The Cat’s Call of Cry

SHORT, SHORT; STORY: The Cat's Call of Cry

The Cat’s Call of Cry

Lena Rindevall is on her way to meet her friend over fika at a café in Haga the showcase of Gothenburg’s past habitations. Lena and her friend had planned the date with mutual consent for they had not seen each other in over a year. As Lena walks towards a tram stop, a cat touches her feet. She did not notice that the cat was there on the road or sat by the grassy-bushy patch that skirted the road.

One has to have an inclination to have a pet like a cat: an elementary spontaneity for its company, and to feel the presence of an animal that is fiercely independent albeit slightly demanding. It may not be as expressive as a dog in pouring out its love for its owner but it looked after itself – as clean as any human being.

Lena is pleasantly surprised that a cat has approached her, touched her. She is not a pet-owning person, but she has a soft-corner for those who have pets. The cat curls around her feet, and she sits with her paws spread out on her sneakers. Lena checks the time on her wrist watch. She has two minutes to catch the tram to reach for the appointment. The cats settles comfortably around her feet: sits. It gets up, and licks Lena’s limb.

Spring is springing.

The weather is neither wintry nor sunny. The temperature of the day permits Lena not to wear stockings and full-length socks. The cat licks her limbs, one by one. Lena feels the lick of the cat: the direct contact of an animal and a human: skin to skin through tongue. Lena is overwhelmed. How come a stray cat can like a stranger, instantly, she thinks. She sees the arrival of the tram she is supposed to board, and it departs.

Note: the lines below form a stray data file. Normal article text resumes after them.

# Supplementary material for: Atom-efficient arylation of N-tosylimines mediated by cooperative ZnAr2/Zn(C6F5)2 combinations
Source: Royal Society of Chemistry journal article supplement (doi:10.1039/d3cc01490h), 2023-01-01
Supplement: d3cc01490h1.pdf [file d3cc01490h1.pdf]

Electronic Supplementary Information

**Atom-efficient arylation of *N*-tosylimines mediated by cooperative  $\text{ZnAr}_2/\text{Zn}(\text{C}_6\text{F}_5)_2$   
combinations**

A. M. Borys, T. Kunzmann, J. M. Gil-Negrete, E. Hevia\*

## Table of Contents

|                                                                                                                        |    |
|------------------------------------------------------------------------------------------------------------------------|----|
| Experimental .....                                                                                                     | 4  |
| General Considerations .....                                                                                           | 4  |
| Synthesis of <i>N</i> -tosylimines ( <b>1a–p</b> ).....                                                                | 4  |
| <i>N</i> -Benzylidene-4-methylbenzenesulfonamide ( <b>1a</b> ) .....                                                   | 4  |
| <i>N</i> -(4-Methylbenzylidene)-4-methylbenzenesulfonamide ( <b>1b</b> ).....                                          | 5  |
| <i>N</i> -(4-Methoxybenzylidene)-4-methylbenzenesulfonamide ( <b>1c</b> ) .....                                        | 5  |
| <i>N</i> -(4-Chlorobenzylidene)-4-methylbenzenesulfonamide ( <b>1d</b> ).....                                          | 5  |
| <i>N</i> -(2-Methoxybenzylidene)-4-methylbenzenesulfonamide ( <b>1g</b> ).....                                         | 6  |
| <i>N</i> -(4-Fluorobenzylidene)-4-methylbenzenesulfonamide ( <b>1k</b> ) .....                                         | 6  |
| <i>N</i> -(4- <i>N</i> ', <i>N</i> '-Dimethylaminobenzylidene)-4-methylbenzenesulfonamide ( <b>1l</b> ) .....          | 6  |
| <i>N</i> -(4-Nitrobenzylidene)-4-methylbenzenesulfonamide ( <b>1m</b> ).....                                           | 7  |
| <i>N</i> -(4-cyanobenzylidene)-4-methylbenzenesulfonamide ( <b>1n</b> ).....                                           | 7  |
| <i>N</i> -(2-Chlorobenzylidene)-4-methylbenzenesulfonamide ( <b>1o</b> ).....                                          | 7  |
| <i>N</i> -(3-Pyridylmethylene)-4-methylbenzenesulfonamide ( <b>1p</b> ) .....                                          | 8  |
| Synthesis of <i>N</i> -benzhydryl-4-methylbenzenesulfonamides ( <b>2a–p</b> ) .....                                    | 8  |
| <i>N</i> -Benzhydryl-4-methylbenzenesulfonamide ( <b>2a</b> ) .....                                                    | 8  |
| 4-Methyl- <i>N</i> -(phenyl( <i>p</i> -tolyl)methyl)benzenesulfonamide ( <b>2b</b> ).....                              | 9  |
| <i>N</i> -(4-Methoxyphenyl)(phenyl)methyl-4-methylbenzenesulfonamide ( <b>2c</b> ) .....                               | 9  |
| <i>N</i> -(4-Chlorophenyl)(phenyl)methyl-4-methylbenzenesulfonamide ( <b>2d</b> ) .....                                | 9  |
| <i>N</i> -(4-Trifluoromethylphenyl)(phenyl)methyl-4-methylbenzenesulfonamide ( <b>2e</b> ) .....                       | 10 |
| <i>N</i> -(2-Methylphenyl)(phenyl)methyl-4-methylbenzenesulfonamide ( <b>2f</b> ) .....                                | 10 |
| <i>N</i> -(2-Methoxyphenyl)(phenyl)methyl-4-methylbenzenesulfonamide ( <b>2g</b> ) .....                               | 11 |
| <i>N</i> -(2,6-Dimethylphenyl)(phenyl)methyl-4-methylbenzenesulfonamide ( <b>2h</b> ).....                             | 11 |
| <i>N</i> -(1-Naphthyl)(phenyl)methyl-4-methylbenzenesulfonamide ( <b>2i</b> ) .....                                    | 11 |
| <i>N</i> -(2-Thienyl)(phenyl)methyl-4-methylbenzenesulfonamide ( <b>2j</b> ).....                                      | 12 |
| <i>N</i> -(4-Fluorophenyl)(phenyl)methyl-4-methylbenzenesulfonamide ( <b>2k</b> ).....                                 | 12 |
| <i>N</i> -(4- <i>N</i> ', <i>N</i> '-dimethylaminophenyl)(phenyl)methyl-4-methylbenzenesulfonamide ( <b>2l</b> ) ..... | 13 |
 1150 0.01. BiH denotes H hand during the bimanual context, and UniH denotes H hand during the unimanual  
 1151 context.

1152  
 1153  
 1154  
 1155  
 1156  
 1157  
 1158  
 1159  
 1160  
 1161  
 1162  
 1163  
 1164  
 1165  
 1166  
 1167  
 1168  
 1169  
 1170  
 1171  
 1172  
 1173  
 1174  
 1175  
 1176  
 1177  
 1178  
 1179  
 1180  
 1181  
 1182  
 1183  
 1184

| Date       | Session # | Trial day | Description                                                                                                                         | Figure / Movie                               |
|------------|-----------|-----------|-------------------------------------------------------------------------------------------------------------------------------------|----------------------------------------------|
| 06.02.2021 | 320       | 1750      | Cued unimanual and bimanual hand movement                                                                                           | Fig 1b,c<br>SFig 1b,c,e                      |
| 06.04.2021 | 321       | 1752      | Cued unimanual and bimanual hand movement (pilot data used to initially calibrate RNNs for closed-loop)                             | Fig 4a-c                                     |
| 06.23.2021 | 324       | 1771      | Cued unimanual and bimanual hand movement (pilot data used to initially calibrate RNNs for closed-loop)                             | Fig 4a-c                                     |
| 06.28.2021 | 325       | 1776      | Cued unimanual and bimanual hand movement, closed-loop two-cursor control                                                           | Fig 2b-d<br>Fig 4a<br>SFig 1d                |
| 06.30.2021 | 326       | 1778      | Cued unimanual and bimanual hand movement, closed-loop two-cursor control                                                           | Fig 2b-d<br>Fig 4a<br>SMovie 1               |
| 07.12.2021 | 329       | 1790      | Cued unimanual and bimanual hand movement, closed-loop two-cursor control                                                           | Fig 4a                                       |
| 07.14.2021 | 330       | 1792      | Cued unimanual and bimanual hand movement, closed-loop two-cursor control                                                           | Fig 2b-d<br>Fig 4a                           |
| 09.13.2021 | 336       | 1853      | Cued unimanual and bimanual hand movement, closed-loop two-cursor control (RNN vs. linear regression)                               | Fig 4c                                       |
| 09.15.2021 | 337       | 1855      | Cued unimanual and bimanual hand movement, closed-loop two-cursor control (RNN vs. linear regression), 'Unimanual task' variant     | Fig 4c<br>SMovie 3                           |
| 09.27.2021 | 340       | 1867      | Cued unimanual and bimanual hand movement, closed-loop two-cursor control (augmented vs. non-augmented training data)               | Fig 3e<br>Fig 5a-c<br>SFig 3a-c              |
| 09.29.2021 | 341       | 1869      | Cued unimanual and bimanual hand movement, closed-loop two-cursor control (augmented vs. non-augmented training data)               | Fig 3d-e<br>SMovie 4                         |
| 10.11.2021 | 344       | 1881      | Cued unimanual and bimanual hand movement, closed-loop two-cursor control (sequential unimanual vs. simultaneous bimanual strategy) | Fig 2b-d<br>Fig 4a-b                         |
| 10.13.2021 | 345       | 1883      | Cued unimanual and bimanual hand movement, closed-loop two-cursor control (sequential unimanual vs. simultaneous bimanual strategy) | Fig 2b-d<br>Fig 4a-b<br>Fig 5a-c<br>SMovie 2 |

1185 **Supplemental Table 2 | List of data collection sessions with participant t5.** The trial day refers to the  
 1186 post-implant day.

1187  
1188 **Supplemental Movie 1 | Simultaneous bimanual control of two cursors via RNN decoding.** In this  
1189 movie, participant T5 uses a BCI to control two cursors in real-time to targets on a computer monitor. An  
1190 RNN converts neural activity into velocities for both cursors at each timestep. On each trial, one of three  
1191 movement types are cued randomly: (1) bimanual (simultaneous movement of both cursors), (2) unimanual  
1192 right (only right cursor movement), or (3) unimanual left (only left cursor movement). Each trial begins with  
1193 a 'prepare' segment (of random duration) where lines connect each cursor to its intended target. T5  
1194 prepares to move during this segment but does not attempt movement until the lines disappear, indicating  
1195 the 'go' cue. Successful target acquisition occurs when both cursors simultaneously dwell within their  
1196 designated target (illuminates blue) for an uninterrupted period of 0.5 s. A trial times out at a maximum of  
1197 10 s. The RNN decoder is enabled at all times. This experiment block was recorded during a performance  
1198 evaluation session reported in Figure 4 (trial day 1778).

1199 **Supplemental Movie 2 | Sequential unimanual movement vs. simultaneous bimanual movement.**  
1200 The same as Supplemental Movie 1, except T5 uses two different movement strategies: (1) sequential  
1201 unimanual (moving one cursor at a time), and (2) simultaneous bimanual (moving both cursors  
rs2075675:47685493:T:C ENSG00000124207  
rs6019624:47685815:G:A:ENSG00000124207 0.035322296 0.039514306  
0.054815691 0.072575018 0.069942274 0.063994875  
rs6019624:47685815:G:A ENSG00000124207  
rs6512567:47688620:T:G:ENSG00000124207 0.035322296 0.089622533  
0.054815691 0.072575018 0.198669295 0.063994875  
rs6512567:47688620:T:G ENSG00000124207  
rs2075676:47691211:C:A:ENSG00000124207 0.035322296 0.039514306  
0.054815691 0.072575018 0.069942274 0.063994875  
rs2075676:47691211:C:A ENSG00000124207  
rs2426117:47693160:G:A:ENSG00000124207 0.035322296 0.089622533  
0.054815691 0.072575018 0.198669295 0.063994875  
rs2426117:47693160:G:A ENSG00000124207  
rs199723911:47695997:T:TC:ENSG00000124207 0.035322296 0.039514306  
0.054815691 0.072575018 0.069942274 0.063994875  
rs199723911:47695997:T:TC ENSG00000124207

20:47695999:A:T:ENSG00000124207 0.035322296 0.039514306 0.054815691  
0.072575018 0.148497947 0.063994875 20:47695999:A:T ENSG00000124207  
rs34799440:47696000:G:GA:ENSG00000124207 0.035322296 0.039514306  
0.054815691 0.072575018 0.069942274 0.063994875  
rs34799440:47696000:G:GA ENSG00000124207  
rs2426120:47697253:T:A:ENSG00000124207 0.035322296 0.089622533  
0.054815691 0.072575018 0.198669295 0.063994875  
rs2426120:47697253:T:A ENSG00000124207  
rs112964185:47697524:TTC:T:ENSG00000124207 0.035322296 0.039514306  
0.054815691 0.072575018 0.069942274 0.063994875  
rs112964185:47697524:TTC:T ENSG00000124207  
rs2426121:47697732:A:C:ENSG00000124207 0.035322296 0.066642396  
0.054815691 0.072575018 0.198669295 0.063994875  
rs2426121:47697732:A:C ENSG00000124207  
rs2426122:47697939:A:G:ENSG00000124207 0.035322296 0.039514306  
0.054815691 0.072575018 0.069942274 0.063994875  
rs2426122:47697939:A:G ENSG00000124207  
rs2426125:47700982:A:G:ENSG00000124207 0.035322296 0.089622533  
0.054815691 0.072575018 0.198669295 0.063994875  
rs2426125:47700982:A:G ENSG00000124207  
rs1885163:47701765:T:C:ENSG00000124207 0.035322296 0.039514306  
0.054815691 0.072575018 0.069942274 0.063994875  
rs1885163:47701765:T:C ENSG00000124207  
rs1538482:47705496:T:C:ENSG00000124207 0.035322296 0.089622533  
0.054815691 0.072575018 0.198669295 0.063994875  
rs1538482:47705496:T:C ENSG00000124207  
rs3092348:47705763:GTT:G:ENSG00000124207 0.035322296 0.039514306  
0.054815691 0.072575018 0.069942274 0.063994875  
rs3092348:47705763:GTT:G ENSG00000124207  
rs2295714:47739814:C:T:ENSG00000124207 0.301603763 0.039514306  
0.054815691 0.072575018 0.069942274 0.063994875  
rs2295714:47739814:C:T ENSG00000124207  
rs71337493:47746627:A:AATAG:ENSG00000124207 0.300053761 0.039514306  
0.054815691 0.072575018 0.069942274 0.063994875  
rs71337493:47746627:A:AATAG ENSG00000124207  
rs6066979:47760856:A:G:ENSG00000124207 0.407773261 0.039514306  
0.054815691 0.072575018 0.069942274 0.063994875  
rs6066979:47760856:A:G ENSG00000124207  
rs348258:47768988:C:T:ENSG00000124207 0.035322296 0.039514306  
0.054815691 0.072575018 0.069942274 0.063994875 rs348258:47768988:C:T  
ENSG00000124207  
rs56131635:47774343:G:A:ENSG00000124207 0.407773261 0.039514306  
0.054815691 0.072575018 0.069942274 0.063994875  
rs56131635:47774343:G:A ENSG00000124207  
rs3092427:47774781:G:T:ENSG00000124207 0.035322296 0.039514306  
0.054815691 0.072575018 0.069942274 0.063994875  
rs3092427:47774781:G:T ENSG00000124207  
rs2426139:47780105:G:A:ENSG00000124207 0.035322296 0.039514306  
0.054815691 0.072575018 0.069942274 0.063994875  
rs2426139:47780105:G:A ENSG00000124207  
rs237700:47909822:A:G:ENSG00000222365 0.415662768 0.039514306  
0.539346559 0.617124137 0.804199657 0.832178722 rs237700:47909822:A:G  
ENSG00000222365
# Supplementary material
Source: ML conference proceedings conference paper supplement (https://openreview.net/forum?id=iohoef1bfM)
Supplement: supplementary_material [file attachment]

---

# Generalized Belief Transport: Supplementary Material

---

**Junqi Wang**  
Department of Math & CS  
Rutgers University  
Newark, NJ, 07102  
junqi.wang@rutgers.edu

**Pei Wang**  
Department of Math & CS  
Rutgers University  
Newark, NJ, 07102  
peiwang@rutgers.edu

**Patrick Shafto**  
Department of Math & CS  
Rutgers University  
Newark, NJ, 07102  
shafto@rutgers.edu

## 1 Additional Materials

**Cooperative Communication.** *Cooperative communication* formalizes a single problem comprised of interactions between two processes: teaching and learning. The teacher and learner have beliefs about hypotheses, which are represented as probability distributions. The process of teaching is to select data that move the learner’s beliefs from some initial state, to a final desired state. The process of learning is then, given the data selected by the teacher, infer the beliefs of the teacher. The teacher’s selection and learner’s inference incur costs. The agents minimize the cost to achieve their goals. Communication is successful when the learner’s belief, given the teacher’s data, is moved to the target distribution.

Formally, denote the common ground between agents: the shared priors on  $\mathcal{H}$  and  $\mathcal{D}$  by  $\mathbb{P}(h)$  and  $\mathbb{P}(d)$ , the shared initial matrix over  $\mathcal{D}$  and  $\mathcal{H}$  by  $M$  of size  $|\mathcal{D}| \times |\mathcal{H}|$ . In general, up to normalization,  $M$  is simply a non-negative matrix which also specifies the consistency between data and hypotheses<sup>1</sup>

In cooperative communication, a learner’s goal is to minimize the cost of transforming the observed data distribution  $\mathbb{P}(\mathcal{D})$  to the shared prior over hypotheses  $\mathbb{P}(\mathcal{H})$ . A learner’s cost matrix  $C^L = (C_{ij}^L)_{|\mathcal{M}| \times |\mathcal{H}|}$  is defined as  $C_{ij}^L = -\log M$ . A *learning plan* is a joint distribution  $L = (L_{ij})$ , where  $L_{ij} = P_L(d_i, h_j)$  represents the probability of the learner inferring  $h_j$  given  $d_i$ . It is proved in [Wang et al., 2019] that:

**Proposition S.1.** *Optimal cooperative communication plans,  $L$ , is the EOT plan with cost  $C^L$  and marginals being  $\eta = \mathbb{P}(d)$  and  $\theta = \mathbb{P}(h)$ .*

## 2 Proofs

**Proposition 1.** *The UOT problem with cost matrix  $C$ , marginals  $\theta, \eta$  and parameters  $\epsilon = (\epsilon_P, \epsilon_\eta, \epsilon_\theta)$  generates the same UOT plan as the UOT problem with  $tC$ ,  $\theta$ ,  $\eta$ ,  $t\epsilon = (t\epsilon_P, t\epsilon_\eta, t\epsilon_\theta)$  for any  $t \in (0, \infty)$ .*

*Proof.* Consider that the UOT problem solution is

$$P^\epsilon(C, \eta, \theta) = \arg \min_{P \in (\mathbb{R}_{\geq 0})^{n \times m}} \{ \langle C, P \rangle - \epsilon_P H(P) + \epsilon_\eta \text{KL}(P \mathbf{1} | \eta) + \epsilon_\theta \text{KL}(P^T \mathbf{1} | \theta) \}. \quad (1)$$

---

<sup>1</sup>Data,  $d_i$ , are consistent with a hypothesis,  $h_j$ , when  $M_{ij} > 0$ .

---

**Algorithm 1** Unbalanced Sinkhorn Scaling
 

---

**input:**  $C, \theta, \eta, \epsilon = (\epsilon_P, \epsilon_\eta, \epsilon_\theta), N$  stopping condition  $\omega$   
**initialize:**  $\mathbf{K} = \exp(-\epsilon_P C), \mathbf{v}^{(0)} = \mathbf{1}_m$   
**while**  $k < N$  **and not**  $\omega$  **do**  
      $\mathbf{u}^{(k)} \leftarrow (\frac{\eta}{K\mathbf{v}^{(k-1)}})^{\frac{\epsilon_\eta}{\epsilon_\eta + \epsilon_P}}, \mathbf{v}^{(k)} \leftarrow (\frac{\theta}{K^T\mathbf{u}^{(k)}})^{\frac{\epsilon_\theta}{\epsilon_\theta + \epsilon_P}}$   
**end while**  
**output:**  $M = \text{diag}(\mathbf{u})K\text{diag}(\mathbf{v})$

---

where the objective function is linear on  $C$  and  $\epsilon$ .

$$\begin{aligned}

The cat quietly curls again, and sits at her feet but letting its tail scale up to the legs of Lena. Lena bends and touches the cat. She sees a collar around the neck of the cat: the collar had a number. Probably the cat lost its way. She unbends and sees around to locate someone to seek help: nobody is noticing, everyone is walking past her. What to do with the cat? She picks it up, and walks with the cat in her arms.

Lena rings her friend, and cancels her appointment. She rings the number she finds on the collar of the cat to reach its owner but there is no response. She tries four times, no response. She calls the police. The police take the details but requests her to keep the cat as long as she can before they can trace the owner.

With the cat, Lena re-starts her journey back home. Back in her flat overlooking Slottskogen, Lena calls her friend whether she can join her for fika at her home but she cites a reason, not to join. Lena settles down with the cat in her house.

Lena and the cat start their companionship, or co-habitation, and they start to cherish in each other’s company.

Daniel Nilsson works in an ancillary unit of the police department dealing with ‘lost and found goods’ and ‘lost animals’ in West Sweden. The relatively insignificant unit gained attention as more and lost goods and lost animals are found regularly. Their numbers are increasing.

A week after the cat and Lena start to live together, Daniel has attended to all the to-do things for the day except for the cat’s case which was not on the priority list. Four of his colleagues have tried to reach the owner of the cat, whose cat is currently under the care of Lena, but not yet traced the real owner. He checks with his colleague, Johanna Saldert, “Why the cat case not solved?” Johanna is a new starter in the job. “I tried eight times, again, today, no answer,” she says.

“Have you checked her background,” asks Daniel.

“What background,” Johanna asks.

“The owner’s residence, where, age, sex … those details,” he says.

Johanna begins to find the background of the cat owner.

“Any info?” Daniel asks Johanna after half an hour.


“How old is the owner?”

“Seventy-nine years.”

“Anyone else living with the person?”

“No,” Johanna says. She notices Daniel’s eyes moistening. “What, Daniel?”

“The owner is dead but no one knows she is dead,” Daniel says. “That’s the cat’s call of cry.”

—Lucinda Palme